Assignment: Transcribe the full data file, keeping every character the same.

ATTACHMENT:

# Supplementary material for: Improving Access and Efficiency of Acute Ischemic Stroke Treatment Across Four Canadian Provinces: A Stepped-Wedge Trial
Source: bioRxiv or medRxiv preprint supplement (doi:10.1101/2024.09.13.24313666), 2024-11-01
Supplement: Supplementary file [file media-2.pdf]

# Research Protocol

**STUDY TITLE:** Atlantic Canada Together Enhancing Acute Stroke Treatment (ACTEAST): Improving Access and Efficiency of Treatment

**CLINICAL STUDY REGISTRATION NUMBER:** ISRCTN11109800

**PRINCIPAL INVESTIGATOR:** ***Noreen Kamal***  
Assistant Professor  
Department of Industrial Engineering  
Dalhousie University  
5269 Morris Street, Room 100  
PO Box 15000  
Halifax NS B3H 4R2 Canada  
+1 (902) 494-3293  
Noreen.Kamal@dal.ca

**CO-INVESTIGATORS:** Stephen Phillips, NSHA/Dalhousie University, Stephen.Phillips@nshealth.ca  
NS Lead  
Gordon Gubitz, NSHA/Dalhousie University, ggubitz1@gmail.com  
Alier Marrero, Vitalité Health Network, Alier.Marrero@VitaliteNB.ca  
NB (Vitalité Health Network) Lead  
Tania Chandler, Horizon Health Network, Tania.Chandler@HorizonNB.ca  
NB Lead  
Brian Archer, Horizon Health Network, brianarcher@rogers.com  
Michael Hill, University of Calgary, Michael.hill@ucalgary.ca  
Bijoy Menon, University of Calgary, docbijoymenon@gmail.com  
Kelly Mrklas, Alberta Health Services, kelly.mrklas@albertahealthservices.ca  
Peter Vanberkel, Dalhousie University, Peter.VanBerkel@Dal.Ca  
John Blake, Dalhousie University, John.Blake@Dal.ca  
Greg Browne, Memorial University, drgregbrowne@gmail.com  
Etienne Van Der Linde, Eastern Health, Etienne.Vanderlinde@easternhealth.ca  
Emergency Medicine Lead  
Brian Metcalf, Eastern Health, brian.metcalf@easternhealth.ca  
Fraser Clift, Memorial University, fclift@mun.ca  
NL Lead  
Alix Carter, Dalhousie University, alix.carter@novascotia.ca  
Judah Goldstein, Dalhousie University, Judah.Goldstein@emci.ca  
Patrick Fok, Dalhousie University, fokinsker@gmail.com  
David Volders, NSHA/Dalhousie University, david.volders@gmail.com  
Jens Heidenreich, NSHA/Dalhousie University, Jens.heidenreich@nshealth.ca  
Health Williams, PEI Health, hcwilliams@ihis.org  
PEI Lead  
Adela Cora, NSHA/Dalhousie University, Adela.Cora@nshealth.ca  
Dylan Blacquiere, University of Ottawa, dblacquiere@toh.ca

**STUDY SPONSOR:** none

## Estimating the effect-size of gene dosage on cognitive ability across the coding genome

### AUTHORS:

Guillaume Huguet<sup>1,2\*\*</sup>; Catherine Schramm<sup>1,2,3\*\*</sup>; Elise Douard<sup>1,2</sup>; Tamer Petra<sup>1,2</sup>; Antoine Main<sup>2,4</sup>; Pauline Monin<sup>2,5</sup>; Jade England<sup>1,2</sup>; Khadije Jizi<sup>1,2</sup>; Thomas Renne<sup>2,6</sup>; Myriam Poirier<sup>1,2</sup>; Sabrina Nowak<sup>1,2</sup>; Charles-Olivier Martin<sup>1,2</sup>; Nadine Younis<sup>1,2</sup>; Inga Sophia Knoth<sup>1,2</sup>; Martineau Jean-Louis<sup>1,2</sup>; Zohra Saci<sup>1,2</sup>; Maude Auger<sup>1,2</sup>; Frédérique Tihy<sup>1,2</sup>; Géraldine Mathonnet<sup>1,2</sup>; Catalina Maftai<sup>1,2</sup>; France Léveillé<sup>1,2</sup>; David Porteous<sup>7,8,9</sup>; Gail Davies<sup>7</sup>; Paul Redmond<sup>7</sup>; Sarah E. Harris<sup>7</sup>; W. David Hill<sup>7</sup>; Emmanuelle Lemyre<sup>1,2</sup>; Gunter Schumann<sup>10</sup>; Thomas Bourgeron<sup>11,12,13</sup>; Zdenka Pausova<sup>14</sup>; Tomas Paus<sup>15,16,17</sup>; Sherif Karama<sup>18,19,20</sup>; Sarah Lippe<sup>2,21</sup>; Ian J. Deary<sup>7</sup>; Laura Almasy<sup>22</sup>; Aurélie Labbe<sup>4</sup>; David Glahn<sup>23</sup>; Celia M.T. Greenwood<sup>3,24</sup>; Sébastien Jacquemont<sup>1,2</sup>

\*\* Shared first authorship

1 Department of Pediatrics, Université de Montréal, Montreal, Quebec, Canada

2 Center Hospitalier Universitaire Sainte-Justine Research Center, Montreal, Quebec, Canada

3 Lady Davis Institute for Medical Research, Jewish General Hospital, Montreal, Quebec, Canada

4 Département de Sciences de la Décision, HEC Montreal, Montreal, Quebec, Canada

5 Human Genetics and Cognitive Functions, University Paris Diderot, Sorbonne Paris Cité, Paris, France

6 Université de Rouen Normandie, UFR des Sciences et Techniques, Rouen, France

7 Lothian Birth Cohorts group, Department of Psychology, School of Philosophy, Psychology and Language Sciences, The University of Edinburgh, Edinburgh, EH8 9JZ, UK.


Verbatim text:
# Supplementary material for: Improving Access and Efficiency of Acute Ischemic Stroke Treatment Across Four Canadian Provinces: A Stepped-Wedge Trial
Source: bioRxiv or medRxiv preprint supplement (doi:10.1101/2024.09.13.24313666), 2024-11-01
Supplement: Supplementary file [file media-2.pdf]

# Research Protocol

**STUDY TITLE:** Atlantic Canada Together Enhancing Acute Stroke Treatment (ACTEAST): Improving Access and Efficiency of Treatment

**CLINICAL STUDY REGISTRATION NUMBER:** ISRCTN11109800

**PRINCIPAL INVESTIGATOR:** ***Noreen Kamal***  
Assistant Professor  
Department of Industrial Engineering  
Dalhousie University  
5269 Morris Street, Room 100  
PO Box 15000  
Halifax NS B3H 4R2 Canada  
+1 (902) 494-3293  
Noreen.Kamal@dal.ca

**CO-INVESTIGATORS:** Stephen Phillips, NSHA/Dalhousie University, Stephen.Phillips@nshealth.ca  
NS Lead  
Gordon Gubitz, NSHA/Dalhousie University, ggubitz1@gmail.com  
Alier Marrero, Vitalité Health Network, Alier.Marrero@VitaliteNB.ca  
NB (Vitalité Health Network) Lead  
Tania Chandler, Horizon Health Network, Tania.Chandler@HorizonNB.ca  
NB Lead  
Brian Archer, Horizon Health Network, brianarcher@rogers.com  
Michael Hill, University of Calgary, Michael.hill@ucalgary.ca  
Bijoy Menon, University of Calgary, docbijoymenon@gmail.com  
Kelly Mrklas, Alberta Health Services, kelly.mrklas@albertahealthservices.ca  
Peter Vanberkel, Dalhousie University, Peter.VanBerkel@Dal.Ca  
John Blake, Dalhousie University, John.Blake@Dal.ca  
Greg Browne, Memorial University, drgregbrowne@gmail.com  
Etienne Van Der Linde, Eastern Health, Etienne.Vanderlinde@easternhealth.ca  
Emergency Medicine Lead  
Brian Metcalf, Eastern Health, brian.metcalf@easternhealth.ca  
Fraser Clift, Memorial University, fclift@mun.ca  
NL Lead  
Alix Carter, Dalhousie University, alix.carter@novascotia.ca  
Judah Goldstein, Dalhousie University, Judah.Goldstein@emci.ca  
Patrick Fok, Dalhousie University, fokinsker@gmail.com  
David Volders, NSHA/Dalhousie University, david.volders@gmail.com  
Jens Heidenreich, NSHA/Dalhousie University, Jens.heidenreich@nshealth.ca  
Health Williams, PEI Health, hcwilliams@ihis.org  
PEI Lead  
Adela Cora, NSHA/Dalhousie University, Adela.Cora@nshealth.ca  
Dylan Blacquiere, University of Ottawa, dblacquiere@toh.ca

**STUDY SPONSOR:** none

## Estimating the effect-size of gene dosage on cognitive ability across the coding genome

### AUTHORS:

Guillaume Huguet<sup>1,2\*\*</sup>; Catherine Schramm<sup>1,2,3\*\*</sup>; Elise Douard<sup>1,2</sup>; Tamer Petra<sup>1,2</sup>; Antoine Main<sup>2,4</sup>; Pauline Monin<sup>2,5</sup>; Jade England<sup>1,2</sup>; Khadije Jizi<sup>1,2</sup>; Thomas Renne<sup>2,6</sup>; Myriam Poirier<sup>1,2</sup>; Sabrina Nowak<sup>1,2</sup>; Charles-Olivier Martin<sup>1,2</sup>; Nadine Younis<sup>1,2</sup>; Inga Sophia Knoth<sup>1,2</sup>; Martineau Jean-Louis<sup>1,2</sup>; Zohra Saci<sup>1,2</sup>; Maude Auger<sup>1,2</sup>; Frédérique Tihy<sup>1,2</sup>; Géraldine Mathonnet<sup>1,2</sup>; Catalina Maftai<sup>1,2</sup>; France Léveillé<sup>1,2</sup>; David Porteous<sup>7,8,9</sup>; Gail Davies<sup>7</sup>; Paul Redmond<sup>7</sup>; Sarah E. Harris<sup>7</sup>; W. David Hill<sup>7</sup>; Emmanuelle Lemyre<sup>1,2</sup>; Gunter Schumann<sup>10</sup>; Thomas Bourgeron<sup>11,12,13</sup>; Zdenka Pausova<sup>14</sup>; Tomas Paus<sup>15,16,17</sup>; Sherif Karama<sup>18,19,20</sup>; Sarah Lippe<sup>2,21</sup>; Ian J. Deary<sup>7</sup>; Laura Almasy<sup>22</sup>; Aurélie Labbe<sup>4</sup>; David Glahn<sup>23</sup>; Celia M.T. Greenwood<sup>3,24</sup>; Sébastien Jacquemont<sup>1,2</sup>

\*\* Shared first authorship

1 Department of Pediatrics, Université de Montréal, Montreal, Quebec, Canada

2 Center Hospitalier Universitaire Sainte-Justine Research Center, Montreal, Quebec, Canada

3 Lady Davis Institute for Medical Research, Jewish General Hospital, Montreal, Quebec, Canada

4 Département de Sciences de la Décision, HEC Montreal, Montreal, Quebec, Canada

5 Human Genetics and Cognitive Functions, University Paris Diderot, Sorbonne Paris Cité, Paris, France

6 Université de Rouen Normandie, UFR des Sciences et Techniques, Rouen, France

7 Lothian Birth Cohorts group, Department of Psychology, School of Philosophy, Psychology and Language Sciences, The University of Edinburgh, Edinburgh, EH8 9JZ, UK.